Prince Andrew health: Prince claims he can’t sweat properly – is this a condition?
Anhidrosis often goes unrecognised and is when a person doesn’t sweat normally. When a person doesn’t sweat, their body can’t cool itself, which can lead to overheating and sometimes to heatstroke which is a potentially fatal condition. In a recent interview, Prince Andrew admitted that it is “impossible” for him to sweat due to a medical condition caused by an overdose of adrenaline in the Falklands War. How common is this condition and what are the symptoms to look out for?
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The Duke of York sat down with BBC Newsnight presenter Emily Maitlis during an exclusive hour-long interview addressing his relationship with Jeffrey Epstein.
Discussing claims in regards to “sweating heavily while dancing” with Virginia Guiffre in Tramp nightclub, the Duke vehemently denied and rejected these claims.
According to the royal, it is “impossible” for him to sweat due to a medical condition. Professor John Hawk, a dermatology expert at London’s King’s College and St Thomas’ Hospital spoke to Express about whether this is a valid condition.
In the interview, the Prince said: “There’s a slight problem with sweating because I have a peculiar medical condition which is that I don’t sweat or I didn’t sweat at the time and that was…was it…yes, I didn’t sweat at the time because I had suffered what I would describe as an overdose of adrenaline in the Falklands War when I was shot at and I simply…it was almost impossible for me to sweat.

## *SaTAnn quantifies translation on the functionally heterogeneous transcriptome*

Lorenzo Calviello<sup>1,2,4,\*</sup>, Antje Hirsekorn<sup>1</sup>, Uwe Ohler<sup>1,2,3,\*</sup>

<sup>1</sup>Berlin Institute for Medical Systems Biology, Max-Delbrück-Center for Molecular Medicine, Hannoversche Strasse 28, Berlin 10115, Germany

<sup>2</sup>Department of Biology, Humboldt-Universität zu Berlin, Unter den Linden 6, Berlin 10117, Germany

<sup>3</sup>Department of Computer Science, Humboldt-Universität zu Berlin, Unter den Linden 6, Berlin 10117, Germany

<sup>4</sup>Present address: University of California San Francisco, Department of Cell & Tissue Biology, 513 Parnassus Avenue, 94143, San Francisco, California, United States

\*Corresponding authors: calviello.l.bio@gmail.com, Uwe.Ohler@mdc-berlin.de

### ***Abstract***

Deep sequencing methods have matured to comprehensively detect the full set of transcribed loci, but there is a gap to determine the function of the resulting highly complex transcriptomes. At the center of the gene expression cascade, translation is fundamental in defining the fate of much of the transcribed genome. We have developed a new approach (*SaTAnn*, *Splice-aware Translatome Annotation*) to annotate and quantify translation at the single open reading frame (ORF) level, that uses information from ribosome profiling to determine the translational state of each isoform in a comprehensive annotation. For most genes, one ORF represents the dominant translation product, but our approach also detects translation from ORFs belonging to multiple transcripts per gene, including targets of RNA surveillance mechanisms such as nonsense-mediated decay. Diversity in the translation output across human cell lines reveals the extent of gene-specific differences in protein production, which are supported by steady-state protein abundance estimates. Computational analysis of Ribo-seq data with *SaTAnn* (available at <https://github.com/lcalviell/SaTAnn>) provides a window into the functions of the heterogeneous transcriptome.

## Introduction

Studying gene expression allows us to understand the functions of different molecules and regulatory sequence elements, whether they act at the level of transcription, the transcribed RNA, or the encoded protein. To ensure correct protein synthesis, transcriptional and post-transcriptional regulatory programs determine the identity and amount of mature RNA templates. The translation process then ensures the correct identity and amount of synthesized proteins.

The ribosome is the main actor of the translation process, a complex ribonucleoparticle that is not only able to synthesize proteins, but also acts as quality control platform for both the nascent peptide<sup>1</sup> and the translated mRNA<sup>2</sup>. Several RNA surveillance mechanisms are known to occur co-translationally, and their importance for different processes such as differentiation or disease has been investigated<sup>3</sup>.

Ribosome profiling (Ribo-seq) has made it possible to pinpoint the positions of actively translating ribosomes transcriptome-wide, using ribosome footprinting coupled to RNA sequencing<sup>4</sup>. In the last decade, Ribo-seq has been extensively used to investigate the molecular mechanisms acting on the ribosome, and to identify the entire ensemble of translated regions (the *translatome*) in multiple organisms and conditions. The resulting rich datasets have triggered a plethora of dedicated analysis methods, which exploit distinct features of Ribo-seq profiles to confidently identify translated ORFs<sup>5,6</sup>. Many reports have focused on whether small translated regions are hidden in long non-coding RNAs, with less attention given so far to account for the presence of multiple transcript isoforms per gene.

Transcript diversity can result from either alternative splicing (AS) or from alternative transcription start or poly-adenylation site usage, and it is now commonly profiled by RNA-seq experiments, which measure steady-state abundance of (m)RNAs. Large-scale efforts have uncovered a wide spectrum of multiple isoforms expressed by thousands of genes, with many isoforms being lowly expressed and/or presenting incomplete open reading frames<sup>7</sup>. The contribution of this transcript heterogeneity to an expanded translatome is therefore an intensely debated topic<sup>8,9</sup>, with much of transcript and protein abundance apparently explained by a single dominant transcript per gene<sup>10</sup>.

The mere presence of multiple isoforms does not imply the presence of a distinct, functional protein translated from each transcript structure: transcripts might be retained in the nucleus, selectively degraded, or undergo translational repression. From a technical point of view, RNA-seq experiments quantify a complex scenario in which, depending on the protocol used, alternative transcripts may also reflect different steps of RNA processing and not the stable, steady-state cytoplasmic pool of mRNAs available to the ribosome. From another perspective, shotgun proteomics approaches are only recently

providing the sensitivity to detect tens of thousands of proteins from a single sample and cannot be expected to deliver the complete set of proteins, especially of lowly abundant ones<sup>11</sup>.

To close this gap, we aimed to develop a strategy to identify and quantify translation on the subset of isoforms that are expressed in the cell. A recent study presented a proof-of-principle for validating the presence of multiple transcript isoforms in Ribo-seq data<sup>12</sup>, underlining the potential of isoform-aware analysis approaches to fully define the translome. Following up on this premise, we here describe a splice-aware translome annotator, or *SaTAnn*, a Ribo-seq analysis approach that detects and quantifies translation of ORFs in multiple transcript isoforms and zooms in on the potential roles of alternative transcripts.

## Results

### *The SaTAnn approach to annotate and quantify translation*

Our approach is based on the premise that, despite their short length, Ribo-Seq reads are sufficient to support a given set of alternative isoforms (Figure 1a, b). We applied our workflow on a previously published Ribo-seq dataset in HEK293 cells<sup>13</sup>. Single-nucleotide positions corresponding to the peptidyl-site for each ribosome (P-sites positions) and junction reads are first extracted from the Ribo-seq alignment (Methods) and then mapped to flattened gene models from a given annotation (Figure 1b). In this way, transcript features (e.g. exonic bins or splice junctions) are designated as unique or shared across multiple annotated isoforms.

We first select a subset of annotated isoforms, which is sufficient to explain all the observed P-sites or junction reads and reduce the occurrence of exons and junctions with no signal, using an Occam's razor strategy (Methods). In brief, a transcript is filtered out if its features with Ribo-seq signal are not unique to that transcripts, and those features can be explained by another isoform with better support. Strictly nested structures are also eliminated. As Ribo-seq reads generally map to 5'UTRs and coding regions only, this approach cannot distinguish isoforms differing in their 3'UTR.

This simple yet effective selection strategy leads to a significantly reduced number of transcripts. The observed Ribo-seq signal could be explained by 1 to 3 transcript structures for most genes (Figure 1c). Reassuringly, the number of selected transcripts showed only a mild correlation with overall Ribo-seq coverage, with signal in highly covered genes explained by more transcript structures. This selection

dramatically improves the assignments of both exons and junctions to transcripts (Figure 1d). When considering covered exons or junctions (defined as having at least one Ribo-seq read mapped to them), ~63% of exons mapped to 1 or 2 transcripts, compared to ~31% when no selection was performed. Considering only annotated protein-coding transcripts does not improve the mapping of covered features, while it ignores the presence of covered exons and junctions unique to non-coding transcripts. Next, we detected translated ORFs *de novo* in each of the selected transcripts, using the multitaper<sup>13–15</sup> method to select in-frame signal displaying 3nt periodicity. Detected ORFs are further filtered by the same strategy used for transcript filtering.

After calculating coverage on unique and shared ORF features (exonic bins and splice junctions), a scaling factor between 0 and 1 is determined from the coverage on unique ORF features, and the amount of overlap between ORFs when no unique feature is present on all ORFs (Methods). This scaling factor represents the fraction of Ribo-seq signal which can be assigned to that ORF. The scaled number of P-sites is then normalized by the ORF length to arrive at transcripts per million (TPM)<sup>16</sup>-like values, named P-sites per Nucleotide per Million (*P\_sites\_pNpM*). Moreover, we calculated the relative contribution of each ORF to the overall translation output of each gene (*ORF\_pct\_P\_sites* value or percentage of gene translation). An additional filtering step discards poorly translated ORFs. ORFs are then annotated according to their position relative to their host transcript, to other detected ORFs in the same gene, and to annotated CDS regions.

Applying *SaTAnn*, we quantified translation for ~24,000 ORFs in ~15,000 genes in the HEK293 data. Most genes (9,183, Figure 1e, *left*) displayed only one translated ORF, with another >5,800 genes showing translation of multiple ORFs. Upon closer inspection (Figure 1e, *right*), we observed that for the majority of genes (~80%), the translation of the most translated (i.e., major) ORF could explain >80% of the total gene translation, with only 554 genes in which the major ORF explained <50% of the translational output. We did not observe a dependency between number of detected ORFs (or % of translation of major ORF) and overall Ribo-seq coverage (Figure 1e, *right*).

“And it’s only because I have done a number of things in the recent past that I am starting to be able to do that again.
“So I’m afraid to say that there’s a medical condition that says that I didn’t do it so therefore…”
What the expert says?
Speaking to Express.co.uk, Professor Hawk said: “It is certainly possible to have problems with sweating but an overdose of adrenaline would be more likely to make a person sweat more, not less.
“Most cases are inherited, which does not seem to be the case here. Other causes include heat stroke which seems unlikely in the Falklands, severe dehydration, and certain medications including morphine could also cause it, but these are not likely.
“Maybe there was a supplementary event that happened which he cannot remember.
“Trauma is not a known cause of this condition.”
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What are the symptoms of anhidrosis?
The Mayo Clinic said: “Signs and symptoms of anhidrosis include little or no perspiration, dizziness, muscle cramps, flushing and feeling hot.
“A lack of perspiration can occur over most of the body, in a single area or in scattered patches.
“Anhidrosis can develop on its own or as one of several signs and symptoms of another condition, such as diabetes or a skin injury.”
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